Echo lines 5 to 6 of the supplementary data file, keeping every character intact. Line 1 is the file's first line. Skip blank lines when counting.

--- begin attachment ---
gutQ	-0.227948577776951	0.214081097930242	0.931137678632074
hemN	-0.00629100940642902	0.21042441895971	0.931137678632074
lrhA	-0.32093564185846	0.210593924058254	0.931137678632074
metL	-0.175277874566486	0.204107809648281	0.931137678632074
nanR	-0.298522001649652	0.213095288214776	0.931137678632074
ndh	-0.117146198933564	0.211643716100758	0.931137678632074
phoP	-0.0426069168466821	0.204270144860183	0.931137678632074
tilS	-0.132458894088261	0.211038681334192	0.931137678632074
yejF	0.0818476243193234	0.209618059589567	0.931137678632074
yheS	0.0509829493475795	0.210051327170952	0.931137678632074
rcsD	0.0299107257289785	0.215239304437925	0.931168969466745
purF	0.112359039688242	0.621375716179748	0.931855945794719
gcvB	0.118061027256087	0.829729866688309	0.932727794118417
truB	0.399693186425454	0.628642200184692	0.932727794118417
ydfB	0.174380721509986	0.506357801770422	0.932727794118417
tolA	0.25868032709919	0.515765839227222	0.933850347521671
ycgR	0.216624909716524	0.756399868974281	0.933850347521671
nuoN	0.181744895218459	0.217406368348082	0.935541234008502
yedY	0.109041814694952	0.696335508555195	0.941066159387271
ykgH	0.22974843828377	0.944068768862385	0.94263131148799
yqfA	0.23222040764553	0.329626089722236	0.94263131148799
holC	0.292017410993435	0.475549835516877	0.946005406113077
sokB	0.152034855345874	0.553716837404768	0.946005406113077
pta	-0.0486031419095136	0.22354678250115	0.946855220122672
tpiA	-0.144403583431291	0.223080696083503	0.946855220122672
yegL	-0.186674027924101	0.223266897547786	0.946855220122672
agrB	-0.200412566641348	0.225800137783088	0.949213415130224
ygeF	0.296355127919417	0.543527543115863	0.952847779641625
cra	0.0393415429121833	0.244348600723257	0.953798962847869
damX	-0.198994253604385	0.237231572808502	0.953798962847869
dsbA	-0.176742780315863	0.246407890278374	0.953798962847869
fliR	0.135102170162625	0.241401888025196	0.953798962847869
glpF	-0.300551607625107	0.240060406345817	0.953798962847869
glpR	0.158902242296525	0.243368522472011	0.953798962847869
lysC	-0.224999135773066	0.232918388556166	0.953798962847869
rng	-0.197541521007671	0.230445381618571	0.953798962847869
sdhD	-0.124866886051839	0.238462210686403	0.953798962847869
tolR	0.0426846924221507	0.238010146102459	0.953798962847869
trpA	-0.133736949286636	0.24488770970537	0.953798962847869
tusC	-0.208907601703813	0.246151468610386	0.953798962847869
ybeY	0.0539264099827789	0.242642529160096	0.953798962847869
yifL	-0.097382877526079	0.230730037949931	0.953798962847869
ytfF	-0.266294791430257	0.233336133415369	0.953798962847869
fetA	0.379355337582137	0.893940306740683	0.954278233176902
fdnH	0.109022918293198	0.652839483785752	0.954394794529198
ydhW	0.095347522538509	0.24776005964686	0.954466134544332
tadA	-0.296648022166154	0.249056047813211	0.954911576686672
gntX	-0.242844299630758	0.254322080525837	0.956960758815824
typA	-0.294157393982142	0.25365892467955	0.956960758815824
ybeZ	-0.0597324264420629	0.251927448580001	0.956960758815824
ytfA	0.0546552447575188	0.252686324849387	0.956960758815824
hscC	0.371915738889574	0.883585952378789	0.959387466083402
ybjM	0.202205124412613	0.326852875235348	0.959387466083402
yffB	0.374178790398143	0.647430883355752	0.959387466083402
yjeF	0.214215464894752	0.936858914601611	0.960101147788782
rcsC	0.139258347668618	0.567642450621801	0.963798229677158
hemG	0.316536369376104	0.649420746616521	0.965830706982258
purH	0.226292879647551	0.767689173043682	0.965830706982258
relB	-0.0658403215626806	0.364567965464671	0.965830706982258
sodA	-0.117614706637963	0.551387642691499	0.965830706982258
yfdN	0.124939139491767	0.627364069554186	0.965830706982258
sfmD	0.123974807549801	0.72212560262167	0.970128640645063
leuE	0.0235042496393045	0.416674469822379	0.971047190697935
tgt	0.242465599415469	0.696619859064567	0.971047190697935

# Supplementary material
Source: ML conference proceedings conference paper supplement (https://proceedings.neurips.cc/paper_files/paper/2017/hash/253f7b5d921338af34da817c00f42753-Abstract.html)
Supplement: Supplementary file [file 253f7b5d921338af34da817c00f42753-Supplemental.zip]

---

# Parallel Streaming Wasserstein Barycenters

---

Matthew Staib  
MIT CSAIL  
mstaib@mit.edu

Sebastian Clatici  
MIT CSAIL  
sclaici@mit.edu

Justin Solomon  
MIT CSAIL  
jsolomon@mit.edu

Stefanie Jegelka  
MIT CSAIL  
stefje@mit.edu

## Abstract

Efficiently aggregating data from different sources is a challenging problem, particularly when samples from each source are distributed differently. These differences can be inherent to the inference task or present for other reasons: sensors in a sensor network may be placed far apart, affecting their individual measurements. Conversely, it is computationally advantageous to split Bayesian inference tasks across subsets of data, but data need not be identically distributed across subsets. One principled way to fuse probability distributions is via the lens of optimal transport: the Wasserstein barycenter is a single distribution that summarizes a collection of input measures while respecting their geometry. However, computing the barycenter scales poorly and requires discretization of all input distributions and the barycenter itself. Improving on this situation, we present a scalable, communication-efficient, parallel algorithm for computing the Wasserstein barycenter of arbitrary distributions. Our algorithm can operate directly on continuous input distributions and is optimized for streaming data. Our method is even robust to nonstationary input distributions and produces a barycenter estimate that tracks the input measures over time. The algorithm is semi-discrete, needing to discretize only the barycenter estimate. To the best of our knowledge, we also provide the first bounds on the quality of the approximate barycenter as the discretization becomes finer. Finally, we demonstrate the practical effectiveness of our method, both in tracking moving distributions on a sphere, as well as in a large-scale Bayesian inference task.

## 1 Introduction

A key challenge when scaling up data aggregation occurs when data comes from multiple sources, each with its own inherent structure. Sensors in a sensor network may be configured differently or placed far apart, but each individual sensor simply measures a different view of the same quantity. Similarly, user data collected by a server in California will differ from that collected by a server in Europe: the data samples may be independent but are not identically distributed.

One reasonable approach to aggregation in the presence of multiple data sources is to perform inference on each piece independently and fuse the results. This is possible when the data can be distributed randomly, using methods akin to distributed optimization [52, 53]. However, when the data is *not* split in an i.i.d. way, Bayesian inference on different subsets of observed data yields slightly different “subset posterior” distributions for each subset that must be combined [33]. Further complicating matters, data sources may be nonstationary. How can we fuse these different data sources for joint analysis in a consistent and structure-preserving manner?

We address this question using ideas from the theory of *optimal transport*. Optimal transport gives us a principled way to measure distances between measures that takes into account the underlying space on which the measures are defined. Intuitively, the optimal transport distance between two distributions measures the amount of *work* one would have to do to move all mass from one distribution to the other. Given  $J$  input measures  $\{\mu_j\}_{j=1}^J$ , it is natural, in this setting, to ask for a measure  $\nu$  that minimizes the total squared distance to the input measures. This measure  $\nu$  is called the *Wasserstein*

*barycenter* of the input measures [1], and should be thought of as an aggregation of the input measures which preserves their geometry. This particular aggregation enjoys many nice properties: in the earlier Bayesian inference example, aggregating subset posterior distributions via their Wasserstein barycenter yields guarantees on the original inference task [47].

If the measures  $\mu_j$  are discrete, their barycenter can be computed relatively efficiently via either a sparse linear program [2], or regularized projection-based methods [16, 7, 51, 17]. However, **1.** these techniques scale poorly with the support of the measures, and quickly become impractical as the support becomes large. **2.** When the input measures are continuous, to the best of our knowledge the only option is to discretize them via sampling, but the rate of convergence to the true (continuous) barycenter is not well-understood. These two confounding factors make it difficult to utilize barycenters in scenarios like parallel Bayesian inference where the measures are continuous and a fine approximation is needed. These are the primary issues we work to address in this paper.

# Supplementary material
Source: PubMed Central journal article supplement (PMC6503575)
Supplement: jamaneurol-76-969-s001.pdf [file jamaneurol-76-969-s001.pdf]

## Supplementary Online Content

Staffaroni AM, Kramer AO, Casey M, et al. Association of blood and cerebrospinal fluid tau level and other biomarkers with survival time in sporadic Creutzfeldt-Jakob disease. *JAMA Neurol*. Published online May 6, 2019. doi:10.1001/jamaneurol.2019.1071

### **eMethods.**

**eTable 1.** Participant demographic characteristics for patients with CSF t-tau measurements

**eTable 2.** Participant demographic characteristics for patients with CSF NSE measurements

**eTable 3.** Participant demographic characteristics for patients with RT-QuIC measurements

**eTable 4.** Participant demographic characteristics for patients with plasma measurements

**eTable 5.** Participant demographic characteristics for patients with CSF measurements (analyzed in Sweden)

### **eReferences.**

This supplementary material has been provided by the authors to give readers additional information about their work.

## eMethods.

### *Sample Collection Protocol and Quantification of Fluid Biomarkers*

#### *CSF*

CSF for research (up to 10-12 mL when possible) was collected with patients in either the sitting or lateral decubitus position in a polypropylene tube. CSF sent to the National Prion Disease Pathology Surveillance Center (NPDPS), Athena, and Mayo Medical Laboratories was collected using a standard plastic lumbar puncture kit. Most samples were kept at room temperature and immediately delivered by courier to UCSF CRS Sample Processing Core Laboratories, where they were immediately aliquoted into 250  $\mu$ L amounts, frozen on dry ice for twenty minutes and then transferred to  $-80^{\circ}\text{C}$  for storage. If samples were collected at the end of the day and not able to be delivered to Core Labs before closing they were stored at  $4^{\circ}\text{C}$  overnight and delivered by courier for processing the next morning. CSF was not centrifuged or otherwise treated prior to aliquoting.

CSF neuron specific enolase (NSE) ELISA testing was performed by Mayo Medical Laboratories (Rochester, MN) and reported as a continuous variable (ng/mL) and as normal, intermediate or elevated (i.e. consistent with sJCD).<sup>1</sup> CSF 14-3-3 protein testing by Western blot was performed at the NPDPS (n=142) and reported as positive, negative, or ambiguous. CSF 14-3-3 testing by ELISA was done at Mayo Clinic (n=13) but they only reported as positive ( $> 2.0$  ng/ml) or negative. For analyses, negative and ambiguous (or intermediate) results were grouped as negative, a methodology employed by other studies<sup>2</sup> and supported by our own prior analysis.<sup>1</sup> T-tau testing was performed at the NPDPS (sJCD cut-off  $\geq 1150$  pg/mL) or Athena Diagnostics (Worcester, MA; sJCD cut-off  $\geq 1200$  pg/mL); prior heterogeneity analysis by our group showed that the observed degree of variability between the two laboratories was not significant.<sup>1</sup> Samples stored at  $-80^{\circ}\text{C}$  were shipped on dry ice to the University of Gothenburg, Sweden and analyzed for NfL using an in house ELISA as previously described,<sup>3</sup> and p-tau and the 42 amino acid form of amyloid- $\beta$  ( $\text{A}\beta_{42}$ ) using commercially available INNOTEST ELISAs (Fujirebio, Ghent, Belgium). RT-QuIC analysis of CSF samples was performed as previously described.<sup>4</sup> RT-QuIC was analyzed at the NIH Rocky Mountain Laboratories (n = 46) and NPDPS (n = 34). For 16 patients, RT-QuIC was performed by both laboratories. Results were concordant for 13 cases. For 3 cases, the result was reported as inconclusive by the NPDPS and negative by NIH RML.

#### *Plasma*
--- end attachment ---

nanR	-0.298522001649652	0.213095288214776	0.931137678632074
ndh	-0.117146198933564	0.211643716100758	0.931137678632074